Continuing our drive, I noticed the abundance of signs that grace Eleuthera. I'm not talking about road signs because these are few, but wooden signs, simply written and put up almost anywhere to inform, exhort, amuse and warn:

At the airport:

At a newspaper stand:

At a soft drink stand:

At a boat dock:

On a souvenir stand:

On a street corner:

But the sign that stopped my heart was this one:

These were the words, printed large on the side of the elementary school on a hill above Rock Sound. The school, like all the schools in The Bahamas, had an old-fashioned British air. The children in crisp white shirts, somber navy skirts and trousers, white socks, white shoes, hair combed back and tied. In a low, stucco building, the classrooms were lined up one after another, adding to the appearance of conformity, containment and regimentation. Yet there was awesome beauty for each green classroom door was flung wide so that in straight desk rows the pupils confronted the vastness of an ocean stretching to Africa. I thought how much easier it must be to imagine your future when the next stretch of land is a continent and your daily horizon is the watery arc of the Earth.

The word "Eleuthera" has both a beautiful sound and meaning: freedom. It's a Greek word given to the island by a group of English Puritans who came to Eleuthera in 1648 seeking religious freedom. Calling themselves "Eleutherian Adventurers," they built the first settlement in The Bahamas at Governor's Harbour, gave the country its first written constitution and this island its name. Over the years their number dwindled but during the American Revolution, Eleuthera became the refuge of freedom for Loyalists fleeing with their slaves from the colonies. Today, the population of Eleuthera is made up of the descendants of Eleutherian Adventurers, Loyalists and slaves. Yet, it's an underpopulated place. Less than 10, 000 people live on the island so that as we stopped at various pristine beaches, I was astonished to find no one, absolutely no one there. On Eleuthera, finding your private part of the world is easy. One deserted beach we visited, hidden from the road by tall oat grass was said to be named "My Beach" "Why is that?" I asked, "Because it's so hidden yet everyone who discovers it says, "This is my beach."

Rolling past these dreamy beaches made me ready for some serious relaxation so Cecil took me to my lodging at Palmetto Point, The Unique Inn. Before seeing the place I thought the name unimaginative but after staying there, I know it's perfect. It is unique for it's a tranquil retreat, simple and not "touristy." The Unique Inn has 10 units in a two-story structure and two villas. The rooms have white tile floors, cable TV, white wicker furniture, fans, air-conditioning, spotless bathrooms and best of all French doors that open onto a lawn above an aqua sea. A hammock slung between two palm trees became my refuge for the afternoon. No radios. No crowds. No beach vendors. Only the click of palm fronds in the warm breeze and the shooshing of waves lapping the sand, a soft puppy-drinking sound of peace. The beach was all mine. And its sand ---pink from the conch shells and coral, glowed in the sunlight. As if this daytime beauty weren't enough, at sunset, the dining room with its wrap-around verandah fronting the sea is candlelit romance. Sip Rum Punch here or in the bar, or best of all, wend your way down to the intimate deck perched over the sea. The dining room serves food prepared by a French-trained chef from Nassau. For eighteen dollars you can enjoy succulent Bahamian lobster, grilled or prepared as Lobster Thermidor. That's the most expensive item on the menu which specializes in fresh local seafood.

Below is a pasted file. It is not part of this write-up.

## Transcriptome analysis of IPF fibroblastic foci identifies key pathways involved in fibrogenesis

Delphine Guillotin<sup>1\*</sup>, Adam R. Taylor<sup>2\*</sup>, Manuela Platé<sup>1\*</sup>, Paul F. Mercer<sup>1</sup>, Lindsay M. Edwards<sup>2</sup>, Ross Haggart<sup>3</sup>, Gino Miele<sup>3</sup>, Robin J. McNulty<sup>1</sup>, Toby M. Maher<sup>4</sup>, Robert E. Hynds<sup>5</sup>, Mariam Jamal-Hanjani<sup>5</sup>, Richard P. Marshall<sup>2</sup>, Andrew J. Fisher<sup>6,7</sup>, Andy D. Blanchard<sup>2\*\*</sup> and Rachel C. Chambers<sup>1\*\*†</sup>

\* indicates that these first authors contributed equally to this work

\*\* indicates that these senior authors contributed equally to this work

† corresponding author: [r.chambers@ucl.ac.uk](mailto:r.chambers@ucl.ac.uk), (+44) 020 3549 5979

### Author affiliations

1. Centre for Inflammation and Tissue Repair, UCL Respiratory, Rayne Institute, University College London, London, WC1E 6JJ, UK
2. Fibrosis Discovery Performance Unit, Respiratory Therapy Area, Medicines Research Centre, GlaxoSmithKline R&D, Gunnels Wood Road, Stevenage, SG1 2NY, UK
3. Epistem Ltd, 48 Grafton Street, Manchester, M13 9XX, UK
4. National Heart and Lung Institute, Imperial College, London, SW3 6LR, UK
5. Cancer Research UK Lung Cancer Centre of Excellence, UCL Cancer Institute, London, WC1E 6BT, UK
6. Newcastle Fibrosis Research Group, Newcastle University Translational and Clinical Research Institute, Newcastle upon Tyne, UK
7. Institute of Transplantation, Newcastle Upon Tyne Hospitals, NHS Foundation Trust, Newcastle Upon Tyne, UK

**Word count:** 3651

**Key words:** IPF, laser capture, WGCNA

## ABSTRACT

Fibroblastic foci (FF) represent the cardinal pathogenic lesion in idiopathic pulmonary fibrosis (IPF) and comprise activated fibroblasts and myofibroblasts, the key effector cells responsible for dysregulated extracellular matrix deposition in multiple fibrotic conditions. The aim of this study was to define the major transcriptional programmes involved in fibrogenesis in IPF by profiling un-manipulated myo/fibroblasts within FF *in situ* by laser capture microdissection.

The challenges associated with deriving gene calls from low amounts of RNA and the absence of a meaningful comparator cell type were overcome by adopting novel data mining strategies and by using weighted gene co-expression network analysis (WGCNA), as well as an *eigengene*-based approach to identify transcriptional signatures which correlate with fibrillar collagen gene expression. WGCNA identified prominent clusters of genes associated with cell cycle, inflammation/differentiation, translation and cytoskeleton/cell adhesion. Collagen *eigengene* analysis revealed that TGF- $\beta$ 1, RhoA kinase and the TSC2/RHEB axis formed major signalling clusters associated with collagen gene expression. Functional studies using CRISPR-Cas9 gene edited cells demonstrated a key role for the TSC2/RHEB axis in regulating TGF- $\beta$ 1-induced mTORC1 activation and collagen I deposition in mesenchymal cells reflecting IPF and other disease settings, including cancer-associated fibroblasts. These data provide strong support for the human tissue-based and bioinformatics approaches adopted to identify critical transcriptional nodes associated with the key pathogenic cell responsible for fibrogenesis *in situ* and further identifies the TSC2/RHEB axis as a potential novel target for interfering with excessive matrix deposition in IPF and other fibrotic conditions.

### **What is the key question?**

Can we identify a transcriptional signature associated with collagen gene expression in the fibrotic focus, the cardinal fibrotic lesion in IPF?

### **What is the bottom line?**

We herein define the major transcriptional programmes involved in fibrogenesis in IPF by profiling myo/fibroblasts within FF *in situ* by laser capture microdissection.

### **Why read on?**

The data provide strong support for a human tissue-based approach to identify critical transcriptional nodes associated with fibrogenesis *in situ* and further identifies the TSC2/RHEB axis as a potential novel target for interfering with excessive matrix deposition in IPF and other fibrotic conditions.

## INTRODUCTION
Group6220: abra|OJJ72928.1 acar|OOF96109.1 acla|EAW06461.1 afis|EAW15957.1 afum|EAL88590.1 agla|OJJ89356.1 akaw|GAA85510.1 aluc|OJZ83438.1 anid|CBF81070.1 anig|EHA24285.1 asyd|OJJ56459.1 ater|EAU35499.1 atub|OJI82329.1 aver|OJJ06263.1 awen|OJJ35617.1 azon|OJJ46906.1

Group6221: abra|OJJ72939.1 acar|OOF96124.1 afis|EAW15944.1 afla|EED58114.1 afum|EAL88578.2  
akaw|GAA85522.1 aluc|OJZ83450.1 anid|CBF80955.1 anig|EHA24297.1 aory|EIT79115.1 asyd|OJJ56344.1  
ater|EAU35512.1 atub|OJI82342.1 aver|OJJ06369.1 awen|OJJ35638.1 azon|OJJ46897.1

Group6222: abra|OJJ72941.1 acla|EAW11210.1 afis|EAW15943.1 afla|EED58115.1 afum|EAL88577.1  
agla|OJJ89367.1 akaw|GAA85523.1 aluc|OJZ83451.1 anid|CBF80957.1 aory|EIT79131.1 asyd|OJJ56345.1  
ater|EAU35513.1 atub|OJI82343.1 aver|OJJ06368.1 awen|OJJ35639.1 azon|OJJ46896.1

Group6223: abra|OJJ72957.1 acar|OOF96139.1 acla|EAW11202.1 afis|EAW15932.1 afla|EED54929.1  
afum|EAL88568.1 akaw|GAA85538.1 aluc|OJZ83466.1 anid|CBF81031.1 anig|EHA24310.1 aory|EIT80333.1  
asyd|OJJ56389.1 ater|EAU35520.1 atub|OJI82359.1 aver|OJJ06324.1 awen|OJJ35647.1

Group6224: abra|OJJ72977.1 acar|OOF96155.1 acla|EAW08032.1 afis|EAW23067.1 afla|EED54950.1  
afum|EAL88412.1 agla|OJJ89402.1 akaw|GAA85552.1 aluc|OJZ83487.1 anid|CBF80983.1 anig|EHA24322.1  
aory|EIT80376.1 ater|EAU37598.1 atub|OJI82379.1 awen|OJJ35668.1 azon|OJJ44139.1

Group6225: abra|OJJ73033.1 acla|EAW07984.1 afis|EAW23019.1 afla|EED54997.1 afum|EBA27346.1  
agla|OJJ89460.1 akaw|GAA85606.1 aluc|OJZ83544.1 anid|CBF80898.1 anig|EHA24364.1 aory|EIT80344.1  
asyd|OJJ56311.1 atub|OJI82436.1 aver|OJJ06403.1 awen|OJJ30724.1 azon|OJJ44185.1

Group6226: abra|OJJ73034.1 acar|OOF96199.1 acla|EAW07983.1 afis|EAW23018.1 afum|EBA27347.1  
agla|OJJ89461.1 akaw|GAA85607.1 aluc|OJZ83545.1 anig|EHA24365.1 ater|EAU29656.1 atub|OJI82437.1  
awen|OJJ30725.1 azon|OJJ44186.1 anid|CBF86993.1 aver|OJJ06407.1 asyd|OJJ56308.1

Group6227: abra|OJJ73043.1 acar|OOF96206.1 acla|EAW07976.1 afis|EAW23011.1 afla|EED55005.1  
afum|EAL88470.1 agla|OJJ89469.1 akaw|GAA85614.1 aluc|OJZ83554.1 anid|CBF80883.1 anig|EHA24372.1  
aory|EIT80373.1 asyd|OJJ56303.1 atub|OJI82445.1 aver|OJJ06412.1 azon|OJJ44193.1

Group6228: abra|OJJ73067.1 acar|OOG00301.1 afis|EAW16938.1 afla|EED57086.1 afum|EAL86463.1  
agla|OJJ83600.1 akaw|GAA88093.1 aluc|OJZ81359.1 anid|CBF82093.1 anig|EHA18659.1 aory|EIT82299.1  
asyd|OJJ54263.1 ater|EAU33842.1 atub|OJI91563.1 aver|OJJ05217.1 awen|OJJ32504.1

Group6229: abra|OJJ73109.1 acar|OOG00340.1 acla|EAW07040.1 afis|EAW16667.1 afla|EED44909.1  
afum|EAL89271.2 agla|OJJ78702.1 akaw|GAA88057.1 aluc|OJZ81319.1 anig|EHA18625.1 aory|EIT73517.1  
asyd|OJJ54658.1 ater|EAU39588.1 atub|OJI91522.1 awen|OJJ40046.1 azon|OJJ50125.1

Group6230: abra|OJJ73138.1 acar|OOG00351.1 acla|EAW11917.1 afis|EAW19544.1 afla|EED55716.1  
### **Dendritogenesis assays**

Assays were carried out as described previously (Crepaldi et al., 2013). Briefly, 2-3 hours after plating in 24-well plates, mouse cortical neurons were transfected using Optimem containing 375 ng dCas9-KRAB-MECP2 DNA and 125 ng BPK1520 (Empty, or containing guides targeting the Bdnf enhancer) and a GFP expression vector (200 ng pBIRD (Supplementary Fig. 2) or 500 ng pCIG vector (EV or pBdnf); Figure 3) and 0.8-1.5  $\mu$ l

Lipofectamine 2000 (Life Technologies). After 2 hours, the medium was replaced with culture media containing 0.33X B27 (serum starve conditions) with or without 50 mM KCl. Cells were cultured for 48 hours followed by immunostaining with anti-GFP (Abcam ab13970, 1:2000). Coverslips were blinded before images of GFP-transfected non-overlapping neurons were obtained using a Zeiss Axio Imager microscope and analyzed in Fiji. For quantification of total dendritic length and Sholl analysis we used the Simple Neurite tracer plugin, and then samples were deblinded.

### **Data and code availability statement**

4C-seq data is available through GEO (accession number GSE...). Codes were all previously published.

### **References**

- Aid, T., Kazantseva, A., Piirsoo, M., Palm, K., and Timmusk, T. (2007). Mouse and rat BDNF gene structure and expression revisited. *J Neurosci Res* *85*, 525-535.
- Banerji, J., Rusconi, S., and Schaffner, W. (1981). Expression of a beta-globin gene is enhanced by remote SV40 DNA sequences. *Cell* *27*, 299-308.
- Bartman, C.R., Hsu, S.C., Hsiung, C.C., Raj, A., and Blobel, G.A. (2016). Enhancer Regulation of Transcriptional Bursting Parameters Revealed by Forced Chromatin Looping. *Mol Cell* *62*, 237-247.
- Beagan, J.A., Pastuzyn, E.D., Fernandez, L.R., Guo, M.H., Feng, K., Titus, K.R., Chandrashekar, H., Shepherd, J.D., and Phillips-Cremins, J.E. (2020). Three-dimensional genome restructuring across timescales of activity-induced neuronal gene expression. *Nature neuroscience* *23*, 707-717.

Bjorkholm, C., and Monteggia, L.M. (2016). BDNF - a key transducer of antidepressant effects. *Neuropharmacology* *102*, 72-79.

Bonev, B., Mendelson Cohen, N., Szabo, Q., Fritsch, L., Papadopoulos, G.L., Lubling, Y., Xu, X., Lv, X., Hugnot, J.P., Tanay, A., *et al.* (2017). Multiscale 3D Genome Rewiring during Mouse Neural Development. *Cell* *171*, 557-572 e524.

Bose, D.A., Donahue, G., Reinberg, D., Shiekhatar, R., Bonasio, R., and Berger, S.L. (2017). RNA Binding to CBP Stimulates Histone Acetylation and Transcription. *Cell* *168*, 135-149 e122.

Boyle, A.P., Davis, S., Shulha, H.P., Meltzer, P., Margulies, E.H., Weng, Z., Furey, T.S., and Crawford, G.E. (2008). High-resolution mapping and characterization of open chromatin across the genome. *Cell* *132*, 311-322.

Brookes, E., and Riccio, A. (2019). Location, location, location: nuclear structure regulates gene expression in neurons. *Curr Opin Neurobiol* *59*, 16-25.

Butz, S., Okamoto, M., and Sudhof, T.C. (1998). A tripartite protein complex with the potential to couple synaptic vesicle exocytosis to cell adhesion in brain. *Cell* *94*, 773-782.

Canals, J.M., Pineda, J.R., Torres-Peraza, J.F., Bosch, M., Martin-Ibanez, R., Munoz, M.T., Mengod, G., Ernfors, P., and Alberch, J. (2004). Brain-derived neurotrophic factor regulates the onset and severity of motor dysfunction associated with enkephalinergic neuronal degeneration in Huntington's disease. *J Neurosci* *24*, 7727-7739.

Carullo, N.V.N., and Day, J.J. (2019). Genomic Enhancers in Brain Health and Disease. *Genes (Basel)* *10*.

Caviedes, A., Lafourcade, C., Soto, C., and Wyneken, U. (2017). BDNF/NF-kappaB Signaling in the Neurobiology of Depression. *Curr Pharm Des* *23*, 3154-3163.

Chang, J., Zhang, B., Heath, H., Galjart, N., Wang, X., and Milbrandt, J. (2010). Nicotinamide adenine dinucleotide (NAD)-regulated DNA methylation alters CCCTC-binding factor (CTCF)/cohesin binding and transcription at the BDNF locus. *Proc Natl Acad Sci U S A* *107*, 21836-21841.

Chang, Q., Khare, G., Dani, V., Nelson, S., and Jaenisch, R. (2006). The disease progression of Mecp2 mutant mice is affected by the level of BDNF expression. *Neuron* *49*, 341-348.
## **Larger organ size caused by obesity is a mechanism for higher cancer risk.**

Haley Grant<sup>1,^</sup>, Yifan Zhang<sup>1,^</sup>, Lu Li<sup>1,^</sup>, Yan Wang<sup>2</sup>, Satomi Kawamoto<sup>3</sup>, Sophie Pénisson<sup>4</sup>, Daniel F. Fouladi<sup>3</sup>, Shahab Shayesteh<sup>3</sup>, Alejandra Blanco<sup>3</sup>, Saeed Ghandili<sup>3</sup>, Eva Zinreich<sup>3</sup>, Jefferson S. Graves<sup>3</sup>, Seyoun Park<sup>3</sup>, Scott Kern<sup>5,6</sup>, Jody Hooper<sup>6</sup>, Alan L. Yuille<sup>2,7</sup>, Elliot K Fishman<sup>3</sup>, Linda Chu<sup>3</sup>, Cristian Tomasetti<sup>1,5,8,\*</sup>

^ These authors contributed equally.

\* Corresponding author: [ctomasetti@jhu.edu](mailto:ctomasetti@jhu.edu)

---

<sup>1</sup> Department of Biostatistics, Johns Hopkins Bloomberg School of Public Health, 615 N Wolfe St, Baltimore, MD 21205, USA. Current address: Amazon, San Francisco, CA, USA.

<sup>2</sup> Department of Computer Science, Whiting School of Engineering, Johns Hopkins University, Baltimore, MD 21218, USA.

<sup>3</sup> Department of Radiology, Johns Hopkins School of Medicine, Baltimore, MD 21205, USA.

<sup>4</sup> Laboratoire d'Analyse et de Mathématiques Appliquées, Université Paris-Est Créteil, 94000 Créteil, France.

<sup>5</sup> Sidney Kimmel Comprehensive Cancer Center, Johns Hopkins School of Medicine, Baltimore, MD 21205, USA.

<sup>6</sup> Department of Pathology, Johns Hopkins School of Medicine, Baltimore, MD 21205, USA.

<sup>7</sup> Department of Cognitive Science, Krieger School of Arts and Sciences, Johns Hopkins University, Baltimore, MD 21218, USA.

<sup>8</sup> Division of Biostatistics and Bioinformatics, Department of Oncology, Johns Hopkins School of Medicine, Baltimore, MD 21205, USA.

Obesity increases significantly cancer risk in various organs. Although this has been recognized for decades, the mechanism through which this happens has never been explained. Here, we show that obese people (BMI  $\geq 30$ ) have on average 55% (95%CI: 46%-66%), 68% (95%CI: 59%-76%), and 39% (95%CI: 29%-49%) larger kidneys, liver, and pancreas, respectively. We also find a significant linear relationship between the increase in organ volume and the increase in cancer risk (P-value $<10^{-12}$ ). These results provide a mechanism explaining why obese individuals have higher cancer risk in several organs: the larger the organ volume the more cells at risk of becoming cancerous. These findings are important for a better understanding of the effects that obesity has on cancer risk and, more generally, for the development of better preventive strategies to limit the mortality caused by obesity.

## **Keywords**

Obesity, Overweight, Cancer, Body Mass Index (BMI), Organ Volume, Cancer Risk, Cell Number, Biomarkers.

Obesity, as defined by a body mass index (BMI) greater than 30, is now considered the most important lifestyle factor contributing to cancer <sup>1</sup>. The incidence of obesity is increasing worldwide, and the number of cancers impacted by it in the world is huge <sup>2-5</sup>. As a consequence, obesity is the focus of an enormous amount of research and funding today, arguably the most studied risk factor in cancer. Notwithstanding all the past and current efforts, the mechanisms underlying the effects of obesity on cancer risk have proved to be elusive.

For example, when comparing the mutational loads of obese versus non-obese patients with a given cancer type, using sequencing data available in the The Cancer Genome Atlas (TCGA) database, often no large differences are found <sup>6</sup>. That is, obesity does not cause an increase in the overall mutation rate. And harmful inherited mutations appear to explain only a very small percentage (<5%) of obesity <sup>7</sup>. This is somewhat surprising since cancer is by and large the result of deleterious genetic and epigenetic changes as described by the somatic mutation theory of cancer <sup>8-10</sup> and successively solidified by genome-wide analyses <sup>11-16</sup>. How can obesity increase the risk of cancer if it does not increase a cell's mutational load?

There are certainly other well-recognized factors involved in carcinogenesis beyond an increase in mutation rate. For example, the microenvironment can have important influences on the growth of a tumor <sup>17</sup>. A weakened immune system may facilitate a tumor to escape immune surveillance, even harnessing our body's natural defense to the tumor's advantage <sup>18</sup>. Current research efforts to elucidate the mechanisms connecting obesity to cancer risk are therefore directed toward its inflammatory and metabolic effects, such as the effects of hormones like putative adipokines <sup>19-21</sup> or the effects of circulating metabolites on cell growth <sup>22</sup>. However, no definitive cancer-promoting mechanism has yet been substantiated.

The next morning: more surprises. The Unique Inn gave me my first taste of a real Bahamas breakfast: Stewed Fish. Don't let the name put you off because it's delicious: a filet of grouper cooked in a rich brown sauce, especially delightful when you sop up the sauce with the chef's homemade Johnny cake. If this sounds too caloric for breakfast, try Boiled Fish, a poached grouper filet seasoned and garnished with parsley and chopped potatoes.

Today, I was heading for Harbour Island in the north and my driver Abraham Johnson was young and jolly. He drove fast, whizzing me north with youthful speed and home-grown jokes. I was enjoying myself immensely for his joking manner was a natural tonic. However, every so often I'd let out an involuntary squeal of fear as we rounded a narrow curve. Abraham Johnson continuously assured me he was a cautious driver, emphasizing that there was nothing to worry about. After all, he said, he didn't want to die either. "We Bahamians love life so much," he boasted, "we make dying the last thing we do!"

I arrived very alive at the curiously-named town of Lower Bogue and took the 20-minute jet boat ride to Harbour Island, Harbour Island, called "Briland" by the locals is only three miles long and all prettiness --- crowned by Dunmore Town where gingerbread clapboard cottages, overgrown with bougainvillea cluster on green hills rising from the bay. Against the blue-pink sky, Dunmore Town makes a quaint, old-fashioned tableau. Tiny shops, restaurants, colonial churches and art galleries are tucked away along the prim, narrow streets. At the newly opened Dunmore Deli, I enjoyed a fresh crab sandwich on a balcony overlooking the town. Dunmore Town is said to be not only the prettiest town in The Bahamas but Harbour Island is reputed to have the loveliest beaches. So if you want to stay on Harbour Island, there are beach hotels to suit every taste from the elegant, antique-filled Ocean View Hotel in a restored mansion -- to the glamorous, art-filled Pink Sands Resort -- to simple hotels and housekeeping cottages.